Introduces the nursing student to professional nursing roles. The concepts included will be: patient-centered care; safety; clinical judgment; communications (therapeutic); role development; ethics; spirituality (personal) and will be explored from the perspective of the developing professional nurse.
Introduces the student to individuals across the lifespan from a nursing perspective. Focused concepts include; growth and development, functional ability, and genetics/genomics. Students will perform developmental and functional health assessments on healthy individuals in community settings as well as apply all three concepts to selected exemplars.
Introduces the student to holistic nursing care of individuals through the application of concepts in classroom, laboratory, and simulated patient care settings. Students learn principles of therapeutic communication, physical assessment, safety and essential nursing skills and interventions utilizing current evidence-based practice and information technologies. The focus is on the individual’s adaptation to health challenges and transitions, including the concepts of sensory perception, pain, mobility, thermoregulation, coping and stress. This course is a total of 3 credits; 2 credits of classroom/ theory and 1 credit of skills/ simulation lab.
Introduces the nursing student to principles of evidence-based nursing practice, and the use of technology and informatics to seek and analyze knowledge that influences nursing practice. Students will explore how professional communication within the interdisciplinary healthcare team influences safety and patient/family/community health outcomes. Students will develop a deeper understanding of clinical judgment and its application to nursing practice.
Explores intermediate level concepts of professional nursing role development including culture, caregiving, patient education and care coordination for individuals and families. Nursing informatics principles are used to identify, define, manage and communicate data, information, and knowledge in nursing practice. Health literacy is explored in the context of patient education. This course introduces nursing students to the role of nurses in ambulatory care settings. This course is 3 credits (2.5 theory and 0.5 credits of ambulatory care clinical experience).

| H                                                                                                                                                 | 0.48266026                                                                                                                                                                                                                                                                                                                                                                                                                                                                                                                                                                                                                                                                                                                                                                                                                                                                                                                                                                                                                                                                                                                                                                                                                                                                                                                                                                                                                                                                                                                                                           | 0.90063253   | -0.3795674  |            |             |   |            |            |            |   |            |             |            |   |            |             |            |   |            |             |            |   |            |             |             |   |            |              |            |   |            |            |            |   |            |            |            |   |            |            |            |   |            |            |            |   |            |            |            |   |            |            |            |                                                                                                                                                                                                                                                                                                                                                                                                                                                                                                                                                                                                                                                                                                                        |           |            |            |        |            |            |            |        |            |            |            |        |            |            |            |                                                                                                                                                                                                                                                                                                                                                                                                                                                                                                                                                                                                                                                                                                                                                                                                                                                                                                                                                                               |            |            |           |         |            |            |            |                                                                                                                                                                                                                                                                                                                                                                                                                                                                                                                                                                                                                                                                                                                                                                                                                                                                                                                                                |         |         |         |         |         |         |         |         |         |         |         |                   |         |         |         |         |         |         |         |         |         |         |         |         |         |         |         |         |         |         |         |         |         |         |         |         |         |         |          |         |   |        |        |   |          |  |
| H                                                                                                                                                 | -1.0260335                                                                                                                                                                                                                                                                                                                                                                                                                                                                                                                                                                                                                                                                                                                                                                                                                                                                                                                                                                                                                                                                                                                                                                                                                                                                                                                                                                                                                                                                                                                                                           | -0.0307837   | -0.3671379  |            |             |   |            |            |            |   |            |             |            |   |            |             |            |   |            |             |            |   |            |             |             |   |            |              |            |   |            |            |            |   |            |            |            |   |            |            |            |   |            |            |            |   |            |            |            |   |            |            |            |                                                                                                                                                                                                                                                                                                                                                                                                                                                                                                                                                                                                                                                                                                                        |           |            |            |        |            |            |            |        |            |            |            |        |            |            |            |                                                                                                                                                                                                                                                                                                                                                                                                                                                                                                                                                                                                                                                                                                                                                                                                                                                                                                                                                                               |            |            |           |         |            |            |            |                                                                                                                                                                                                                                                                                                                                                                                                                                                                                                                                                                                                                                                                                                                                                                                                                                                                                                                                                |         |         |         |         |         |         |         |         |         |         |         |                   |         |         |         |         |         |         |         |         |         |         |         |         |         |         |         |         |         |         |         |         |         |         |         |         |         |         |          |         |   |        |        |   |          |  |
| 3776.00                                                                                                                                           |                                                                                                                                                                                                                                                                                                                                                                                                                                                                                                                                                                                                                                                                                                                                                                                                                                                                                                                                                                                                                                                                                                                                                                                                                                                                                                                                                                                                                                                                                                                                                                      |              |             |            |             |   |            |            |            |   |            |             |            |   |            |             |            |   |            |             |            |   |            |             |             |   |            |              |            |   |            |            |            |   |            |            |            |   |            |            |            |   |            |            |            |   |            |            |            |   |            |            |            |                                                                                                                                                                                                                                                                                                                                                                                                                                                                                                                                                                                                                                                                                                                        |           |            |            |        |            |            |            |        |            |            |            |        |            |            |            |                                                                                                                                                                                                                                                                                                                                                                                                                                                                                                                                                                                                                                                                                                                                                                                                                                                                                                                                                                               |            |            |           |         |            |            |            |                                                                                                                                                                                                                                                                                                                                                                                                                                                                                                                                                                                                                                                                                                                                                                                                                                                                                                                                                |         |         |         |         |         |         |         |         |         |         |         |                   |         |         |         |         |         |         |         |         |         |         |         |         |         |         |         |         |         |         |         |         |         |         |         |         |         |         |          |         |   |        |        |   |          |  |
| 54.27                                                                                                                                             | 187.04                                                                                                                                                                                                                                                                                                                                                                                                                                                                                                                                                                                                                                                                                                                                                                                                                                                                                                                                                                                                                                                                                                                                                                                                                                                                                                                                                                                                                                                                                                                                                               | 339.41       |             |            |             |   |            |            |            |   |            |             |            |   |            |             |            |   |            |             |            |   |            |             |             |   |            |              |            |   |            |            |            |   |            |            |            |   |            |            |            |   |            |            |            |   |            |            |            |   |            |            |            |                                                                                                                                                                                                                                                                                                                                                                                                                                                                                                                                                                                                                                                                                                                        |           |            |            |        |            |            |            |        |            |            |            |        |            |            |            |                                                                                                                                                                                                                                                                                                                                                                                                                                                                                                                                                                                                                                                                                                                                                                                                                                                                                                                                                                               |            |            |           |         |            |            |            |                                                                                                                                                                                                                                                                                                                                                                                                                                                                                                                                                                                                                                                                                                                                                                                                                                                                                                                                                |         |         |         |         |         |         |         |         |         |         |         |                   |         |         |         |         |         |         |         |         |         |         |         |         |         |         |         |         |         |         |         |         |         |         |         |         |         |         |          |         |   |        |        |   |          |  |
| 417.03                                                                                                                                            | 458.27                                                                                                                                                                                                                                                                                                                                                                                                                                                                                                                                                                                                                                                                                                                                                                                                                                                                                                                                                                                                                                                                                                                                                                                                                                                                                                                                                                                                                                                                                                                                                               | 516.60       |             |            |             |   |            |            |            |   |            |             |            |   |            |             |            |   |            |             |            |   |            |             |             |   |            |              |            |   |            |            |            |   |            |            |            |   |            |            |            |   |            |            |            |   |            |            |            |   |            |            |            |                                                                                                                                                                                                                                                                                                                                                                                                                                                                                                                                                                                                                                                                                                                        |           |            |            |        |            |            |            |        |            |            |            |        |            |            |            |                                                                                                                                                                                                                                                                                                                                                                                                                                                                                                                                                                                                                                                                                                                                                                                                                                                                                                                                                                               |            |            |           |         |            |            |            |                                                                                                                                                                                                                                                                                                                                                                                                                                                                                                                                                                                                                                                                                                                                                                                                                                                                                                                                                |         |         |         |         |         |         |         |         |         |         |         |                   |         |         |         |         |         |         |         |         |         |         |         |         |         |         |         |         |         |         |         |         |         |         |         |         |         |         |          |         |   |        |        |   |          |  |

This course transitions students toward caring for family and community. Focused topics include examining determinants of health in terms of modifiable and non-modifiable risk factors, impact of culture/inclusivity, family dynamics, and concept of caregiving.
Focuses on the individual’s response to health and illness challenges across the lifespan. Concepts covered are metabolic changes, fluid and electrolytes, acid base balance, gas exchange, perfusion, tissue integrity, nutrition, elimination, infection, and safe medication administration. Students will apply principles of therapeutic communication, physical assessment, safe nursing skills and interventions utilizing current evidence-based practice and information technologies. This course is a total of 6 credits; 3 credits of classroom/ theory, 2 credits of skills/ simulation lab and 1 credit of clinical.